Patent claims drawn to “entering location information into a positional information device” were held patent-ineligible under 35 U.S.C. § 101 in Rothschild Location Technologies LLC v. Geotab USA, Inc., 6:15-cv-682-RWS-JDL (E.D. Texas May 16, 2016).  Judge Schroeder upheld the report and recommendation of Magistrate Judge John D. Love, in which Judge Love recommended granting a Rule 12(b)(6) motion to dismiss because U.S. Patent No. 8,606,503 was directed to patent-ineligible subject matter.

Claim 1 of the ’503 patent recites:

A method for entering location information into a positional information device, the method comprising:

receiving, by a server, a request from a first positional information device for at least one address stored in at least one second positional information device, the request including a first identifier of the first positional information device;

determining, by the server, a second identifier for identifying the at least one second positional information device based on the received first identifier;

retrieving, by the server, the requested at least one address stored in the identified at least one second positional information device; and

transmitting, by the server, the retrieved at least one address to the first positional information device.

Judge Schroeder began by explaining that the magistrate judge was correct to decide the patent-eligibility question at the pleadings stage.  The plaintiff had objected to the court’s refusal to consider its expert’s declarations, which were outside the pleadings.  However, the magistrate properly relied on the plain language of the patent claims, and the plaintiff’s own description of the claimed subject matter.  The expert’s declarations were not material to patent-eligibility and failed to provide adequate basis for their conclusions.  Where “patent claims on their face are plainly directed to an abstract idea,” a dismissal at the pleadings stage was appropriate.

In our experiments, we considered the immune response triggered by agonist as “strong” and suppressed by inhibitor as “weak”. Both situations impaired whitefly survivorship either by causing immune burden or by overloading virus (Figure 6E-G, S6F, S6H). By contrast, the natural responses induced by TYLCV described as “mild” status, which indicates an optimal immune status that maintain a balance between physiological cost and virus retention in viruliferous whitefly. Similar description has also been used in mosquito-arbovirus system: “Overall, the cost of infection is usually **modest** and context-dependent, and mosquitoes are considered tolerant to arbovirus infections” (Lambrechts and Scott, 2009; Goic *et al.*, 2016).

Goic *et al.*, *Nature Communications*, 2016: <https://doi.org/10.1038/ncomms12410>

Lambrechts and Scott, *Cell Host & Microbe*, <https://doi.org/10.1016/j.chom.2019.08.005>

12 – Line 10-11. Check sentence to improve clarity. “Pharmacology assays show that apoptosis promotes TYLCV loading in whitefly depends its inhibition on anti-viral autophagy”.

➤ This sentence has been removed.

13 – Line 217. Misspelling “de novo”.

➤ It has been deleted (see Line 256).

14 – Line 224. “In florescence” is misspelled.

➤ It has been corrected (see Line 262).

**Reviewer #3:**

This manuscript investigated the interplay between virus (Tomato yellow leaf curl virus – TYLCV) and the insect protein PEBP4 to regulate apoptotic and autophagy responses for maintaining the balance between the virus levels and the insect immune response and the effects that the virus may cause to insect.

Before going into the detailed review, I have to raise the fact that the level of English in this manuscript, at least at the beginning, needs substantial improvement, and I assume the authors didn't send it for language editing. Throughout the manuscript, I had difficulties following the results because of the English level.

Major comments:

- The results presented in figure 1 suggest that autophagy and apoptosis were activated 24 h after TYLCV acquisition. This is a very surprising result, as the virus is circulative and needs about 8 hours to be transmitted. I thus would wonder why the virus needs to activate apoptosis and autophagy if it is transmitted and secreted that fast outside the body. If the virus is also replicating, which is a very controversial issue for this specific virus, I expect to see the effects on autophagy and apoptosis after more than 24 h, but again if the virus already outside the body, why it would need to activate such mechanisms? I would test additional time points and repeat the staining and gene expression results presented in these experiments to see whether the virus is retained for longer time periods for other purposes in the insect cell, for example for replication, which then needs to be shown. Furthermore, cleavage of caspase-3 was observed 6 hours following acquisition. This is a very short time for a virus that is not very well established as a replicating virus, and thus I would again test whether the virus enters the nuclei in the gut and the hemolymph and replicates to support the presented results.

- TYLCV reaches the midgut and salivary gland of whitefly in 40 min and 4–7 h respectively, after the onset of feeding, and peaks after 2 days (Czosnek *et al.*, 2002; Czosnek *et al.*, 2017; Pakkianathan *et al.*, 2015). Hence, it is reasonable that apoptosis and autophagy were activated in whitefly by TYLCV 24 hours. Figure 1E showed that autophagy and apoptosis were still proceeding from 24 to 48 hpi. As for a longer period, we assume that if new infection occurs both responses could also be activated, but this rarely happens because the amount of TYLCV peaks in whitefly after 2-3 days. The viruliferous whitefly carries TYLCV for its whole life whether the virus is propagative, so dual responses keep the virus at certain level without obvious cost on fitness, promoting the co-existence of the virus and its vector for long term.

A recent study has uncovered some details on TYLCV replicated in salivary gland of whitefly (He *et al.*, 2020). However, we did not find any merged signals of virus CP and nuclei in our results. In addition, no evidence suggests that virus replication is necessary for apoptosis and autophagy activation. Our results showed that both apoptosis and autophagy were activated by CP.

Moreover, Magistrate Judge Love properly “found that the ’503 Patent is directed toward the abstract idea of address retrieval.”  The plaintiff argued that the magistrate judge had improperly used the “machine-or-transformation” test.  Instead, Judge Schroeder explained, the magistrate judge had simply found that each of the problems the ’503 patent purported to solve “simply relate[s] to ease, accuracy, and efficiency benefits achieved when any fundamental or well-known concept is implemented on a computer device.”

Finally, addressing the second prong of the Alice/Mayo test, the claims recited no inventive concept.  The plaintiff had essentially argued that “that the ‘503 Patent is inventive because it requires specialized hardware and software, and is limited to a specific type of data.”  However, as the magistrate judge found, “a GPS device performing generic computer tasks does not transform the claims into patent-eligible subject matter.”